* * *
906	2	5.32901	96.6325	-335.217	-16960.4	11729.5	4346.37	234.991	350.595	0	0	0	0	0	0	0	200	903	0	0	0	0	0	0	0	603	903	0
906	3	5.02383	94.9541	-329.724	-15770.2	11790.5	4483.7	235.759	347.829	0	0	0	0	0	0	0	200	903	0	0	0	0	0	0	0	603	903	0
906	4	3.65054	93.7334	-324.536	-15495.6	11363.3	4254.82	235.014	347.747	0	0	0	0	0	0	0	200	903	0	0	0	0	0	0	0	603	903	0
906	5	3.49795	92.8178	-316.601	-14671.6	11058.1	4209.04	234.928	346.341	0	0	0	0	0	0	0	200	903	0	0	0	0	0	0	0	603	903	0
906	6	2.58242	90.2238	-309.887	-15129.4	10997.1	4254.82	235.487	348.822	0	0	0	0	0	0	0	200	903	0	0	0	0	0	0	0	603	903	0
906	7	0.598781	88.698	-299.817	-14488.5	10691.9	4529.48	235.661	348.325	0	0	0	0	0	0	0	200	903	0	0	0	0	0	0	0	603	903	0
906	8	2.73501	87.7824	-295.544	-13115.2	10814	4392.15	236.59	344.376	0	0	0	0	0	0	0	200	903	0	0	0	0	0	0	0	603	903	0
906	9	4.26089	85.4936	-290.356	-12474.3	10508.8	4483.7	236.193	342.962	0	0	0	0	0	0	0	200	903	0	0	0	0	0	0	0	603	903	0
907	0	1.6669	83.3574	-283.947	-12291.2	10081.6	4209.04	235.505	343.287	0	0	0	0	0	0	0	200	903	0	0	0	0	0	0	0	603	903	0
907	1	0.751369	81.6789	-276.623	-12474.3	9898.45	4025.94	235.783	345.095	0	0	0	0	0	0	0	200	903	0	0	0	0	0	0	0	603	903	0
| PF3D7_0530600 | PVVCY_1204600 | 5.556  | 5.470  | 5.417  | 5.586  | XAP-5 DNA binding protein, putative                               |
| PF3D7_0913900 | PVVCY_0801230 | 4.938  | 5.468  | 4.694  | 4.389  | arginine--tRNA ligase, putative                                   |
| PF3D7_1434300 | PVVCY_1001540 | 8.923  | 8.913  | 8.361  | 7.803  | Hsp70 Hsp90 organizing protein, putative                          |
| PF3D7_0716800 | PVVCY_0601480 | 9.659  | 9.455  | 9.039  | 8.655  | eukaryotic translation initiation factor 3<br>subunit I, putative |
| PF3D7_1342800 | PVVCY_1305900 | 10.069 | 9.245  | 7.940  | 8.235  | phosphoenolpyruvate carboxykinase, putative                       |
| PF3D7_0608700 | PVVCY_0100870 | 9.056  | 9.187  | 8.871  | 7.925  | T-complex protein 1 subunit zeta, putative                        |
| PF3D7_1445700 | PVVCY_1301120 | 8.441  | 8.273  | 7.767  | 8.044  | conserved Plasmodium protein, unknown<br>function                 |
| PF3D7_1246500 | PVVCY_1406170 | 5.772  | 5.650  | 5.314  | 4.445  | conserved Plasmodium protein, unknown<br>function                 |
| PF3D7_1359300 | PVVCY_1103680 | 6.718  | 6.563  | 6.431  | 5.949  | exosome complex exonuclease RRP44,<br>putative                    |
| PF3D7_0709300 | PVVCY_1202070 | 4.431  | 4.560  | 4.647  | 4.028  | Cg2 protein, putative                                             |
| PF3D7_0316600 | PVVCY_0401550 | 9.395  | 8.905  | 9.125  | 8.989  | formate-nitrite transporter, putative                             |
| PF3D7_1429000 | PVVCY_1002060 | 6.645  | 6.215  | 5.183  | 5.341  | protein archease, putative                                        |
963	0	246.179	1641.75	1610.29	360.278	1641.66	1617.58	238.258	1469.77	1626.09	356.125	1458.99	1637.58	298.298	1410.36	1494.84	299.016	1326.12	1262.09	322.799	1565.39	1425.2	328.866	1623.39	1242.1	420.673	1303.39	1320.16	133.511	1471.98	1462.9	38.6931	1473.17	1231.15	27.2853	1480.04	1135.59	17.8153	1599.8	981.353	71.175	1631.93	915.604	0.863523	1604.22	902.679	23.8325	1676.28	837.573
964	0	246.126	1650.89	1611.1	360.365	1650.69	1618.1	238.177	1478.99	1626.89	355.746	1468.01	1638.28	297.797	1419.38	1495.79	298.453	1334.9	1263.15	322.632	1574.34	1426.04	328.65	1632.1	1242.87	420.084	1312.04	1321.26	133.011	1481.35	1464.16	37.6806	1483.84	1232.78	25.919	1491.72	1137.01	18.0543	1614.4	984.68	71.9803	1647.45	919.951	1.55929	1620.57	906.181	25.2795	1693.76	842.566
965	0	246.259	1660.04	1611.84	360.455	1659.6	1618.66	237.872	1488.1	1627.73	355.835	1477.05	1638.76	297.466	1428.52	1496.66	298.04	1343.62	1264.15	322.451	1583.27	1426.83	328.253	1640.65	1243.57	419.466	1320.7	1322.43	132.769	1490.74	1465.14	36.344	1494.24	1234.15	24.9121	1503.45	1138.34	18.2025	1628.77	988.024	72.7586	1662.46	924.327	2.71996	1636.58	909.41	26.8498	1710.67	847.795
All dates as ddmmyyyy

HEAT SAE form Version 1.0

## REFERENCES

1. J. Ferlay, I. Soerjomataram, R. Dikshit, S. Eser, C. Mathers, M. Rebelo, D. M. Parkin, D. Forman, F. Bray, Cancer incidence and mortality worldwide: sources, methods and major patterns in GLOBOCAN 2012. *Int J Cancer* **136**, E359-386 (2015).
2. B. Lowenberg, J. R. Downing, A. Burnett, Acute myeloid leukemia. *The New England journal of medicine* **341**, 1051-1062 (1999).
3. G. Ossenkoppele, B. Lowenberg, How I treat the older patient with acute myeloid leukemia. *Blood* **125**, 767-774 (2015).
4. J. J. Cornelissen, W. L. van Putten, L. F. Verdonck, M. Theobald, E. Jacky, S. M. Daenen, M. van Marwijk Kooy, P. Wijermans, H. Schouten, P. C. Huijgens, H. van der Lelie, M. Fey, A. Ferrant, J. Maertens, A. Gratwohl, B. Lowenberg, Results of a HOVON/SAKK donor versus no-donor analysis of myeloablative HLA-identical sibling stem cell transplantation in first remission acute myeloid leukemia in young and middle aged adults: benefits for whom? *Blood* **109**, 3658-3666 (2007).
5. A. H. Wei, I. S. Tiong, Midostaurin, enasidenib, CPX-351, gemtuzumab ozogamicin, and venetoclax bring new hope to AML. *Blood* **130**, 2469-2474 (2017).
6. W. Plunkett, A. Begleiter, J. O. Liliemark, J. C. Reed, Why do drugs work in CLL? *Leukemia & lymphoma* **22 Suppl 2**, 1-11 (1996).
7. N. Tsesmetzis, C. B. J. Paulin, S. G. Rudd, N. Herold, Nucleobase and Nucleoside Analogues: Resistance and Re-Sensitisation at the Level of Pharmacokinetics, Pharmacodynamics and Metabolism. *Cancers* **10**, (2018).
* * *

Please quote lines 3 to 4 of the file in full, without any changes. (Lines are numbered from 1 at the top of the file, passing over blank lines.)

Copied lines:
906	4	3.65054	93.7334	-324.536	-15495.6	11363.3	4254.82	235.014	347.747	0	0	0	0	0	0	0	200	903	0	0	0	0	0	0	0	603	903	0
906	5	3.49795	92.8178	-316.601	-14671.6	11058.1	4209.04	234.928	346.341	0	0	0	0	0	0	0	200	903	0	0	0	0	0	0	0	603	903	0